(CNN) -- Conservatives and Democrats rarely agree, but the decision to have Sen. Joe Lieberman speak at the Republican National Convention has put both groups on edge.
Sens. John McCain, right, and Joseph Liebeman traveled to Iraq and the Middle East together this spring.
Democrats are furious that Lieberman, an independent senator from Connecticut who was the Democratic vice presidential nominee in 2000, is helping Sen. John McCain attract independent voters. Lieberman has been an almost constant companion as McCain has campaigned across the country.
Many Democrats were already angry with Lieberman for his strong and vocal support for the continued deployment of U.S. troops in Iraq.
But the decision to put the former Democrat front-and-center on the first night of the Republican National Convention has also raised anxiety among conservatives who are worried that McCain, the presumed Republican presidential nominee, will name Lieberman as his running mate. Watch how McCain worries conservatives »
If Lieberman were on the GOP ticket, conservatives argue, it would hurt McCain's standing with conservatives because Lieberman supports abortion rights.
Conservatives are also worried that Tom Ridge, a former Pennsylvania governor and Homeland Security secretary, is also being considered for the GOP's No. 2 spot. Ridge also supports abortion rights. Watch CNN's Wolf Blitzer interview Ridge »
One Republican insider said McCain campaign manager Rick Davis has called several state party chairmen and indicated that Ridge will be the Republican vice presidential pick this cycle.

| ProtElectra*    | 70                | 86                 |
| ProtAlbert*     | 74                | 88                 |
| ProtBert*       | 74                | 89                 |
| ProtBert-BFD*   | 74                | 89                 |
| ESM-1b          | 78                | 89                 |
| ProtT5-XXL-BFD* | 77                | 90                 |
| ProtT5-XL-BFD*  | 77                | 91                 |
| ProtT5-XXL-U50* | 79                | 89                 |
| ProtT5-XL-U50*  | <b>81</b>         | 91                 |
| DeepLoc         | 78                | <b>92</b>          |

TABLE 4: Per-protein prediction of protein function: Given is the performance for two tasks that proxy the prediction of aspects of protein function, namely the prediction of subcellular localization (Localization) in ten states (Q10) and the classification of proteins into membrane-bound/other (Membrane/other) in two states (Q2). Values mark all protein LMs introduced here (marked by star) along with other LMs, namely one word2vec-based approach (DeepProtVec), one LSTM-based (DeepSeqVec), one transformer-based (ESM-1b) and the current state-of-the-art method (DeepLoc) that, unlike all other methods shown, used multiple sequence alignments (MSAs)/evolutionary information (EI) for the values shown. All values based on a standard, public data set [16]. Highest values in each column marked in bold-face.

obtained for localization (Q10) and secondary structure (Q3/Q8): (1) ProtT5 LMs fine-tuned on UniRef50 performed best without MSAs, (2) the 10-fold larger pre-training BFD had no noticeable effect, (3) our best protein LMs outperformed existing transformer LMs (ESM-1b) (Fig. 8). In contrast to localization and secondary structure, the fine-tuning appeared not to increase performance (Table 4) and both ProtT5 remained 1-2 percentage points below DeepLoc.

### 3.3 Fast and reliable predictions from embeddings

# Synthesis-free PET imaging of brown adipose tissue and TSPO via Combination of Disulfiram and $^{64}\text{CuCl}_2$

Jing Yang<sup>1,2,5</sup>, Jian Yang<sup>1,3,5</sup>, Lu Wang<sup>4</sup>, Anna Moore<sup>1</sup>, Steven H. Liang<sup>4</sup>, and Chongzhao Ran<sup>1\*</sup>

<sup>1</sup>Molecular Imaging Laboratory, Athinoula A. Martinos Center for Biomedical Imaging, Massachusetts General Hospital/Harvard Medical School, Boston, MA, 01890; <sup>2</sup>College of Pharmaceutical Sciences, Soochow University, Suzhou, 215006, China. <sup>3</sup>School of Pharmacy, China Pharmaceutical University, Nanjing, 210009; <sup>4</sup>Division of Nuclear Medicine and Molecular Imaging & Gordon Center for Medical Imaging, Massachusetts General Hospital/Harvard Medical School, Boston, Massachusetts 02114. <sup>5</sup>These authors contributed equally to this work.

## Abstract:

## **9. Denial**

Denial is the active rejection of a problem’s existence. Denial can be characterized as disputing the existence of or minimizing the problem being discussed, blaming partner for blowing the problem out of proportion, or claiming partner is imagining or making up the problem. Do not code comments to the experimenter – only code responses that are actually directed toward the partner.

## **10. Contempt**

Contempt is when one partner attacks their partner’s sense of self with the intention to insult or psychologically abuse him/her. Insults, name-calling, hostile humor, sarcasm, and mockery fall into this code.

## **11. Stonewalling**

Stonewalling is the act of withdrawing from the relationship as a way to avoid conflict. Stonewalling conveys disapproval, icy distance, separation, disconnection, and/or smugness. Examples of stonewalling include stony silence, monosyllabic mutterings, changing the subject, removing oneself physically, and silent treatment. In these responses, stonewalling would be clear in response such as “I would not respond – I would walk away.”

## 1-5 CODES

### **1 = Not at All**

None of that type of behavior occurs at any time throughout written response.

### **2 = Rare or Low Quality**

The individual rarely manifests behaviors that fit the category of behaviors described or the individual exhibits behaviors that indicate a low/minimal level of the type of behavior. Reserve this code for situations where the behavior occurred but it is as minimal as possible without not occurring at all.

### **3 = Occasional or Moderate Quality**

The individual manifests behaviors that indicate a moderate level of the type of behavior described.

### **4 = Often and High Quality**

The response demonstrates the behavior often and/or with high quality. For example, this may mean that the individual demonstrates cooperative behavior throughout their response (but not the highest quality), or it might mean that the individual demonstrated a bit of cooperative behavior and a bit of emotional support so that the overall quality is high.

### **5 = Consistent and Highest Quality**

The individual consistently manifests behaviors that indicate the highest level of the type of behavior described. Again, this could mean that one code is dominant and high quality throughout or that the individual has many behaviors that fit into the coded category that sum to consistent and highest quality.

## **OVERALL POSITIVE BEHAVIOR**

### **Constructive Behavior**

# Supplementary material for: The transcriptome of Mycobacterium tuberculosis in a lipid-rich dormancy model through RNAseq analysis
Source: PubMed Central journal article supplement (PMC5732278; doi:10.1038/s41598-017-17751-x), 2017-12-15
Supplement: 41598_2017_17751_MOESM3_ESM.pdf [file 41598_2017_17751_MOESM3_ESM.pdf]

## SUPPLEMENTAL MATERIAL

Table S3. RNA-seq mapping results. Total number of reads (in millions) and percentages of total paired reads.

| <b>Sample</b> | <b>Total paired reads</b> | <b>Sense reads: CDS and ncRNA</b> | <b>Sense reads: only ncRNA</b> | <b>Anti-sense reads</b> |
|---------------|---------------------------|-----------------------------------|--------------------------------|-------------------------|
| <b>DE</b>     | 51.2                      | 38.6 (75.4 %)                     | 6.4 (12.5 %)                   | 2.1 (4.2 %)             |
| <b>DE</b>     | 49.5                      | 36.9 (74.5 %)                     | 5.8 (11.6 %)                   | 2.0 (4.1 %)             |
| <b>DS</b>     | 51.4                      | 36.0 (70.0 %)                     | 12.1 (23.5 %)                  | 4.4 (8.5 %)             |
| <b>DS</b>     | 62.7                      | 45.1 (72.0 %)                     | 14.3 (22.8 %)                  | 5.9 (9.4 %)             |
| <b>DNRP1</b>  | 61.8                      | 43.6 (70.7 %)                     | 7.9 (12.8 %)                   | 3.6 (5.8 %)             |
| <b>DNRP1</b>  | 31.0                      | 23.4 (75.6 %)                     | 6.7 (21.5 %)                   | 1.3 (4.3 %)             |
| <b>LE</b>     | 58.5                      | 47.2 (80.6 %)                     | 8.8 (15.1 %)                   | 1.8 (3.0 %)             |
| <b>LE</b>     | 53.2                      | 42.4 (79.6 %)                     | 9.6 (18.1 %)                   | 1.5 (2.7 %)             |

But sources within the McCain camp say the talk about Ridge being added to the ticket may be a smoke screen so Mitt Romney, a former Massachusetts governor and presidential candidate, would be more acceptable to conservatives once he is picked.
Conservatives have been vocal in their opposition to Lieberman and Ridge. In an open letter to McCain, conservative activist Richard A. Viguerie wrote, "your indication that you're willing to put a person who has a clear, unequivocal pro-abortion record within a heartbeat of the presidency is alarming." Watch analysts debate a McCain-Lieberman ticket »
"Senator McCain, you are exceedingly proud of being a political maverick -- you wear it as a badge of honor. Well, poke the base of the Republican Party -- the conservatives -- in the eye one more time by choosing a pro-abortion vice presidential candidate, and conservatives will show you that two can play the maverick game," Viguerie warned.
When a voter in Las Cruces, New Mexico, asked McCain on Wednesday whether he would pick a running mate who "conservatives can actually rally around," McCain said, "I will nominate a person to be vice president, my running mate, who shares my principles, my values and my priorities, and that's the best that I can tell you."
Ken Duberstein, a former White House chief of staff for President Reagan, said McCain "can nominate or try and nominate anyone he wants. He is, in fact, the leader of the party now going forward. But it would be a very bumpy road" if McCain decided to pick a running mate who supports abortion rights.
Despite reservations from conservatives, Rudy Giuliani, a former Republican presidential candidate and former mayor of New York, said Wednesday that the party would accept McCain's choice for vice president.
Giuliani said McCain's "main criteria would be a person that would allow us to sleep at night knowing that we had selected someone that could immediately be president of the United States."
"He will select the person that is best, and if that person happens to be among other things pro-choice, the party will support that," Giuliani.
CNN's Ed Henry and Anastasia Diakides contributed to this report.
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